The American Medical Association (AMA) has adopted a series of new drug policy positions, including advocating for psychedelics research, opposing the criminalization of kratom, calling for an end to the sentencing disparity between crack and powder cocaine and supporting the continued inclusion of marijuana metabolites in employment-based drug tests.
The organization’s House of Delegates, which met last month to consider numerous resolutions, also declined to approve an additional measure to revise its stance on marijuana in a way that would have maintained its opposition to legalization while implicitly recognizing the benefits of regulating cannabis products—instead opting to continuing its advocacy for prohibition without the newly proposed regulatory language.
This comes about a year after AMA delegates voted to amend its policy position to support the expungement of past marijuana convictions in states that have legalized the plant.
At the most recent meeting, the body tackled several different areas of drug policy.
The American Kratom Association (AKA) cheered the adoption of a new resolution that says people “who are using kratom only for personal use should not face criminal consequences”—though the measure also says that the substance should be “evaluated by the relevant regulatory entities for its appropriateness for sale and potential oversight via the Controlled Substances Act, before it can be marketed, purchased, or prescribed.”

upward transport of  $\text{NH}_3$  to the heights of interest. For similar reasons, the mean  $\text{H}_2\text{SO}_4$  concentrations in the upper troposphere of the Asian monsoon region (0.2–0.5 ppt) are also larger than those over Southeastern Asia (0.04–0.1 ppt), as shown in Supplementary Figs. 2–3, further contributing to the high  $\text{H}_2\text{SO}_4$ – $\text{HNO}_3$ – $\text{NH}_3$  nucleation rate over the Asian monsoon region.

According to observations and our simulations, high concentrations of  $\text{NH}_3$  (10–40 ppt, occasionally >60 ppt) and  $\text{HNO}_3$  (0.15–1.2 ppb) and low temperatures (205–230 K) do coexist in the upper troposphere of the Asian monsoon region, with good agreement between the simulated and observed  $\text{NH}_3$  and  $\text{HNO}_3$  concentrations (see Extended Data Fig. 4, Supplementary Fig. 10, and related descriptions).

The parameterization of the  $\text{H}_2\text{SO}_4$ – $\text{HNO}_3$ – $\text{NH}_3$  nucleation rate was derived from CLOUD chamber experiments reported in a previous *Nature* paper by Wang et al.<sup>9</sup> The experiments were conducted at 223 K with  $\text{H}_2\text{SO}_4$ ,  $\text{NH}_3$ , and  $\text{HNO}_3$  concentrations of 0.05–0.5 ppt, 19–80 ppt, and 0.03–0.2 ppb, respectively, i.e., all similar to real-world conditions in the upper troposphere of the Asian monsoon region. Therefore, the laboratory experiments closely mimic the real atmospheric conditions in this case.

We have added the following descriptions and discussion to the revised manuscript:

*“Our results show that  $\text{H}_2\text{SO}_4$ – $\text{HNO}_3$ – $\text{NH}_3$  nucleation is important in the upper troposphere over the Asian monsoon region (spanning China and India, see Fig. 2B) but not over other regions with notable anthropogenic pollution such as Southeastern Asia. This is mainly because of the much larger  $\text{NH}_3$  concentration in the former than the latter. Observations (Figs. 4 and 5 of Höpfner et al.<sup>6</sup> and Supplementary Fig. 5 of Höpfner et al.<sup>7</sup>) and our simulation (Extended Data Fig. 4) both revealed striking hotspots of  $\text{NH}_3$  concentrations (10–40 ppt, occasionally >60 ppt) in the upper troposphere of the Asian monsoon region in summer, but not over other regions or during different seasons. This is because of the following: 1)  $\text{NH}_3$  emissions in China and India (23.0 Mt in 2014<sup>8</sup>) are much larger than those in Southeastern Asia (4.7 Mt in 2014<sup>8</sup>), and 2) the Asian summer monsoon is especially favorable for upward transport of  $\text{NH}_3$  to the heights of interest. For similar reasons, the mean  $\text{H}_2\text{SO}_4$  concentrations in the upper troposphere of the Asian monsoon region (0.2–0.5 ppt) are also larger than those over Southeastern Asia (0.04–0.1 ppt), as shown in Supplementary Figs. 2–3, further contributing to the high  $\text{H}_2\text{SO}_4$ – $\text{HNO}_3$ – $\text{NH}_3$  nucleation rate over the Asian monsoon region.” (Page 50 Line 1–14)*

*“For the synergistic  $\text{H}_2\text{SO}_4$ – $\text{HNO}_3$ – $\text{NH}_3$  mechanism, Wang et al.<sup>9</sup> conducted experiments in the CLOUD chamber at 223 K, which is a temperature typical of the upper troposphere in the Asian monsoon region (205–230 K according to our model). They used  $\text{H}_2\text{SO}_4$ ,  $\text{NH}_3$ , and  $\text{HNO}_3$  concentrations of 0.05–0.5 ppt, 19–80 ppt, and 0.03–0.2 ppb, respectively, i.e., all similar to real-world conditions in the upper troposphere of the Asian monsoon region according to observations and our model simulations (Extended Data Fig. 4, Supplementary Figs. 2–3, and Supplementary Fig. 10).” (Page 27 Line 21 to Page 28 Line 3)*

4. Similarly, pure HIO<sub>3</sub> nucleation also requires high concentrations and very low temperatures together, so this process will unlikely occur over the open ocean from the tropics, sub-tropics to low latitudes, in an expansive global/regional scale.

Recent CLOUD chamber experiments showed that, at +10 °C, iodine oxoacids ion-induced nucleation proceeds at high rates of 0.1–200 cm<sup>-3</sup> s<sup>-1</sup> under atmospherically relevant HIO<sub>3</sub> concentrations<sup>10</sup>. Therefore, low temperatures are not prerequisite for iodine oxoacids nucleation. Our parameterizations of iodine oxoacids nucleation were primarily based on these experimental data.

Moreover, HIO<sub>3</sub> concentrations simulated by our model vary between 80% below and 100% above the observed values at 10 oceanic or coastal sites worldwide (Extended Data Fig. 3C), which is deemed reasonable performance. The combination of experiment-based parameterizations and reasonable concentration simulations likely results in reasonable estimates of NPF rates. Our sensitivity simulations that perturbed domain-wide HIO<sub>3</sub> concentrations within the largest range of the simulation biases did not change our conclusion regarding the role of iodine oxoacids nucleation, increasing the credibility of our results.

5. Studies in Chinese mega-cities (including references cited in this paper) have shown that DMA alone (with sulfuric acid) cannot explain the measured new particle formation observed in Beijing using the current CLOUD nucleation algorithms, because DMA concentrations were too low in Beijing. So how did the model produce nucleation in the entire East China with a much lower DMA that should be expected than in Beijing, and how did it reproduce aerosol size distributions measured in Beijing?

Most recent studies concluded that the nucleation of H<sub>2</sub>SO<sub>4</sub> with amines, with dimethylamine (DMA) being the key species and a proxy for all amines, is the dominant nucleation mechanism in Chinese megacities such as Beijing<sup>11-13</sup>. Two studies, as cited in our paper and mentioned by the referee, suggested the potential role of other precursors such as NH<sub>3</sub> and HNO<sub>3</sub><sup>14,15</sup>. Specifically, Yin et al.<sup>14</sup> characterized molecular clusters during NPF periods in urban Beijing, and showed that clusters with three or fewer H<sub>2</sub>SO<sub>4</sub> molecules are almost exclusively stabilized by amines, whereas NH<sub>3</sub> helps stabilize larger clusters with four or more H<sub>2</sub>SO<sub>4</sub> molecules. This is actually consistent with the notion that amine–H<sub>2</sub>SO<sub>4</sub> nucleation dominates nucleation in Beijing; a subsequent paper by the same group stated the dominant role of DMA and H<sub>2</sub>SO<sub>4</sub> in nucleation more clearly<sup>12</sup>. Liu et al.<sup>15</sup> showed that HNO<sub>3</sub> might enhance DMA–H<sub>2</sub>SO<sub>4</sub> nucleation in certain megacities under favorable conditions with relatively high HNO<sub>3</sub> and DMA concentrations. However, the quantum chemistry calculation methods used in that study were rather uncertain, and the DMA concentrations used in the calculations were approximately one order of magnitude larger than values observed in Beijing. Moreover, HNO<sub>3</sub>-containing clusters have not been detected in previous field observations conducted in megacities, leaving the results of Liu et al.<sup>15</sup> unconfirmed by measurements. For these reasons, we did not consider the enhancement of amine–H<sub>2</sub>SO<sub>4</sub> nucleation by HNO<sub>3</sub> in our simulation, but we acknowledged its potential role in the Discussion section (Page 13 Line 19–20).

The American Medical Association House of Delegates, in their 2023 meeting, rejected the extreme policy of criminalizing the use of kratom pic.twitter.com/jbElApXDJ8
— American Kratom Association (@TheKratomAssn) July 17, 2023
It further says that kratom “should be regulated by the [Food and Drug Administration], and its safety and efficacy should be determined through clinical trials before it can be marketed or prescribed as a treatment for any condition.”
While advocates want consumers to be able to continue to purchase kratom from retailers, AKA sees the resolution’s adoption as a step in the right direction, departing from a more aggressive criminalization stance.
With respect to psychedelics, AMA’s delegates voted in favor of a separate measure to advocate “for continued research and therapeutic discovery into psychedelic and entactogenic agents with the same scientific integrity and regulatory standards applied to other promising therapies in medicine.”
The resolution, however, also advocates “against the use of any psychedelic or entactogenic compound (such as psilocybin or MDMA) to treat any psychiatric disorder except those which have received FDA approval or those prescribed in the context of approved investigational studies.”
AMA Immediate Past President Jack Resneck Jr. said in a press release that the organization “believes that scientifically valid and well-controlled clinical trials are necessary to assess the safety and effectiveness of all new drugs, including the potential use of psychedelics for the treatment of psychiatric disorders.”
“The AMA appreciates that lawmakers want to help address the mental health crisis in the U.S., but there are other straightforward approaches that don’t thwart drug-safety assessment and regulation, such as increasing coverage and removing barriers to care for evidence-based treatments,” he said.